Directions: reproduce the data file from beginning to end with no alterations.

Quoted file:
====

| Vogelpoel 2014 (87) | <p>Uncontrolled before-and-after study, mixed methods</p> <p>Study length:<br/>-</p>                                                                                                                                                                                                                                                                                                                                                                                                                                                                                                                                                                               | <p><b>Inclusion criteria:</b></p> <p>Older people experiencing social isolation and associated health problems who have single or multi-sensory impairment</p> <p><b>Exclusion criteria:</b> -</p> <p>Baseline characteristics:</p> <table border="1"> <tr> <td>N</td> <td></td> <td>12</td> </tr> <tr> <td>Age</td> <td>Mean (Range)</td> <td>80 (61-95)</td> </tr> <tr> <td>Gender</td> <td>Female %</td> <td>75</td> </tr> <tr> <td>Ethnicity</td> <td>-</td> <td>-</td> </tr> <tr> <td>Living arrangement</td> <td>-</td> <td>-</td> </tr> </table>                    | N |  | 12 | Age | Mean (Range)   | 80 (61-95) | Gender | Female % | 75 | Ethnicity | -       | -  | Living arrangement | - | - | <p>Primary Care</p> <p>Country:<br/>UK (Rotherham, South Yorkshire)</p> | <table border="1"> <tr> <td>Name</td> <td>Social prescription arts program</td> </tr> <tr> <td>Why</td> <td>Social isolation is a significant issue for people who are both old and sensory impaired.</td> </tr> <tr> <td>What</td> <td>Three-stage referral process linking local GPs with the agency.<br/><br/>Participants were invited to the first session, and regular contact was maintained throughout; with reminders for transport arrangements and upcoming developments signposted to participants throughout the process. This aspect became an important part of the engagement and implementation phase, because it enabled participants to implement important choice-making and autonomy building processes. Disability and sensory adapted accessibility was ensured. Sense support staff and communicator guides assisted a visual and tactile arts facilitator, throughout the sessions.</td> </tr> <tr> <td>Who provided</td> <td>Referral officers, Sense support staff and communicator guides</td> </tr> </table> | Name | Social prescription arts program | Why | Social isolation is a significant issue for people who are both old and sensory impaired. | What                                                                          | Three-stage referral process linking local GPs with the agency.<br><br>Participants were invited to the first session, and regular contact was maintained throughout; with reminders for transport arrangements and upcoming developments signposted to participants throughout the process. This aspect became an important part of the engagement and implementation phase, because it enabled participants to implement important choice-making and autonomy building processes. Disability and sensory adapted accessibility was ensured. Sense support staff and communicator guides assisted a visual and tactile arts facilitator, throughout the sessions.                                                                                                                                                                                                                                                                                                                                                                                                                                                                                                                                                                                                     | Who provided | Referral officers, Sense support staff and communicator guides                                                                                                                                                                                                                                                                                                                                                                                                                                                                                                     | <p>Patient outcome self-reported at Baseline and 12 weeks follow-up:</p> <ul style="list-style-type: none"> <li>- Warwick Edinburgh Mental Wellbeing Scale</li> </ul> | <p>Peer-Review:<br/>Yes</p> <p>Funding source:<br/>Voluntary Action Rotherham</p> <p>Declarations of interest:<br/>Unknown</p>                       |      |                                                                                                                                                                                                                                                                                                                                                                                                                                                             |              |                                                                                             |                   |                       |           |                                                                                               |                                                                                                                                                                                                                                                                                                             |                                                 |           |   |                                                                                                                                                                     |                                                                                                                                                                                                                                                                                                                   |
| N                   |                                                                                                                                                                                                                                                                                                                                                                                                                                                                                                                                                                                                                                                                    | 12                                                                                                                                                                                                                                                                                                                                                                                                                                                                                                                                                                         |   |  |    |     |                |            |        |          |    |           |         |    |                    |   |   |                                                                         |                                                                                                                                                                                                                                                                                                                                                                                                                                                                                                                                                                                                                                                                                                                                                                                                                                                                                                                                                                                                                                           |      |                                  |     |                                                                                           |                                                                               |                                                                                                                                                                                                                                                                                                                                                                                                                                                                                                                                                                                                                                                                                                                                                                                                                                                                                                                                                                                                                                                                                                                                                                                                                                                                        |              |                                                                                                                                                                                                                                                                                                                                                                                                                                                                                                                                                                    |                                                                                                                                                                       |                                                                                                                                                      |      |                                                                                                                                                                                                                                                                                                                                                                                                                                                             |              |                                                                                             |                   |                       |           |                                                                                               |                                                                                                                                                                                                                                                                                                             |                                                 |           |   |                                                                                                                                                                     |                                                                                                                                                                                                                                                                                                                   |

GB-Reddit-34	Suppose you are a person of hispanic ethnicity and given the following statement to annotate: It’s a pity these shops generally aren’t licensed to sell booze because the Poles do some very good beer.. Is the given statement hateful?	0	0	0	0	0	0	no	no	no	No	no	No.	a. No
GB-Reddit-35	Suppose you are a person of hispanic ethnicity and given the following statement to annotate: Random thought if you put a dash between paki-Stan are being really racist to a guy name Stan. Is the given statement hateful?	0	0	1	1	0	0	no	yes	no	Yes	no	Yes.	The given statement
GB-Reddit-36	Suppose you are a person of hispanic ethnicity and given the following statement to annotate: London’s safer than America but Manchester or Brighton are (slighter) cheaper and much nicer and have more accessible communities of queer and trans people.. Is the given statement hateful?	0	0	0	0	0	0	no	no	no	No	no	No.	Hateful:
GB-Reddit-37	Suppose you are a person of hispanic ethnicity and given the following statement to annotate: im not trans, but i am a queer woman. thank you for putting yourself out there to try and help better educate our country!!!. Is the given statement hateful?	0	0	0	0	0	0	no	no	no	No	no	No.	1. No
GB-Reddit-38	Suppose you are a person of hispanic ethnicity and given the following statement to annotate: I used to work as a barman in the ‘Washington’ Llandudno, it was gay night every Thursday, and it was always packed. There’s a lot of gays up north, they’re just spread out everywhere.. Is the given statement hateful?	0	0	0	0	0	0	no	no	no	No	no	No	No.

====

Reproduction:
| Vogelpoel 2014 (87) | <p>Uncontrolled before-and-after study, mixed methods</p> <p>Study length:<br/>-</p>                                                                                                                                                                                                                                                                                                                                                                                                                                                                                                                                                                               | <p><b>Inclusion criteria:</b></p> <p>Older people experiencing social isolation and associated health problems who have single or multi-sensory impairment</p> <p><b>Exclusion criteria:</b> -</p> <p>Baseline characteristics:</p> <table border="1"> <tr> <td>N</td> <td></td> <td>12</td> </tr> <tr> <td>Age</td> <td>Mean (Range)</td> <td>80 (61-95)</td> </tr> <tr> <td>Gender</td> <td>Female %</td> <td>75</td> </tr> <tr> <td>Ethnicity</td> <td>-</td> <td>-</td> </tr> <tr> <td>Living arrangement</td> <td>-</td> <td>-</td> </tr> </table>                    | N |  | 12 | Age | Mean (Range)   | 80 (61-95) | Gender | Female % | 75 | Ethnicity | -       | -  | Living arrangement | - | - | <p>Primary Care</p> <p>Country:<br/>UK (Rotherham, South Yorkshire)</p> | <table border="1"> <tr> <td>Name</td> <td>Social prescription arts program</td> </tr> <tr> <td>Why</td> <td>Social isolation is a significant issue for people who are both old and sensory impaired.</td> </tr> <tr> <td>What</td> <td>Three-stage referral process linking local GPs with the agency.<br/><br/>Participants were invited to the first session, and regular contact was maintained throughout; with reminders for transport arrangements and upcoming developments signposted to participants throughout the process. This aspect became an important part of the engagement and implementation phase, because it enabled participants to implement important choice-making and autonomy building processes. Disability and sensory adapted accessibility was ensured. Sense support staff and communicator guides assisted a visual and tactile arts facilitator, throughout the sessions.</td> </tr> <tr> <td>Who provided</td> <td>Referral officers, Sense support staff and communicator guides</td> </tr> </table> | Name | Social prescription arts program | Why | Social isolation is a significant issue for people who are both old and sensory impaired. | What                                                                          | Three-stage referral process linking local GPs with the agency.<br><br>Participants were invited to the first session, and regular contact was maintained throughout; with reminders for transport arrangements and upcoming developments signposted to participants throughout the process. This aspect became an important part of the engagement and implementation phase, because it enabled participants to implement important choice-making and autonomy building processes. Disability and sensory adapted accessibility was ensured. Sense support staff and communicator guides assisted a visual and tactile arts facilitator, throughout the sessions.                                                                                                                                                                                                                                                                                                                                                                                                                                                                                                                                                                                                     | Who provided | Referral officers, Sense support staff and communicator guides                                                                                                                                                                                                                                                                                                                                                                                                                                                                                                     | <p>Patient outcome self-reported at Baseline and 12 weeks follow-up:</p> <ul style="list-style-type: none"> <li>- Warwick Edinburgh Mental Wellbeing Scale</li> </ul> | <p>Peer-Review:<br/>Yes</p> <p>Funding source:<br/>Voluntary Action Rotherham</p> <p>Declarations of interest:<br/>Unknown</p>                       |      |                                                                                                                                                                                                                                                                                                                                                                                                                                                             |              |                                                                                             |                   |                       |           |                                                                                               |                                                                                                                                                                                                                                                                                                             |                                                 |           |   |                                                                                                                                                                     |                                                                                                                                                                                                                                                                                                                   |
| N                   |                                                                                                                                                                                                                                                                                                                                                                                                                                                                                                                                                                                                                                                                    | 12                                                                                                                                                                                                                                                                                                                                                                                                                                                                                                                                                                         |   |  |    |     |                |            |        |          |    |           |         |    |                    |   |   |                                                                         |                                                                                                                                                                                                                                                                                                                                                                                                                                                                                                                                                                                                                                                                                                                                                                                                                                                                                                                                                                                                                                           |      |                                  |     |                                                                                           |                                                                               |                                                                                                                                                                                                                                                                                                                                                                                                                                                                                                                                                                                                                                                                                                                                                                                                                                                                                                                                                                                                                                                                                                                                                                                                                                                                        |              |                                                                                                                                                                                                                                                                                                                                                                                                                                                                                                                                                                    |                                                                                                                                                                       |                                                                                                                                                      |      |                                                                                                                                                                                                                                                                                                                                                                                                                                                             |              |                                                                                             |                   |                       |           |                                                                                               |                                                                                                                                                                                                                                                                                                             |                                                 |           |   |                                                                                                                                                                     |                                                                                                                                                                                                                                                                                                                   |

GB-Reddit-34	Suppose you are a person of hispanic ethnicity and given the following statement to annotate: It’s a pity these shops generally aren’t licensed to sell booze because the Poles do some very good beer.. Is the given statement hateful?	0	0	0	0	0	0	no	no	no	No	no	No.	a. No
GB-Reddit-35	Suppose you are a person of hispanic ethnicity and given the following statement to annotate: Random thought if you put a dash between paki-Stan are being really racist to a guy name Stan. Is the given statement hateful?	0	0	1	1	0	0	no	yes	no	Yes	no	Yes.	The given statement
GB-Reddit-36	Suppose you are a person of hispanic ethnicity and given the following statement to annotate: London’s safer than America but Manchester or Brighton are (slighter) cheaper and much nicer and have more accessible communities of queer and trans people.. Is the given statement hateful?	0	0	0	0	0	0	no	no	no	No	no	No.	Hateful:
GB-Reddit-37	Suppose you are a person of hispanic ethnicity and given the following statement to annotate: im not trans, but i am a queer woman. thank you for putting yourself out there to try and help better educate our country!!!. Is the given statement hateful?	0	0	0	0	0	0	no	no	no	No	no	No.	1. No
GB-Reddit-38	Suppose you are a person of hispanic ethnicity and given the following statement to annotate: I used to work as a barman in the ‘Washington’ Llandudno, it was gay night every Thursday, and it was always packed. There’s a lot of gays up north, they’re just spread out everywhere.. Is the given statement hateful?	0	0	0	0	0	0	no	no	no	No	no	No	No.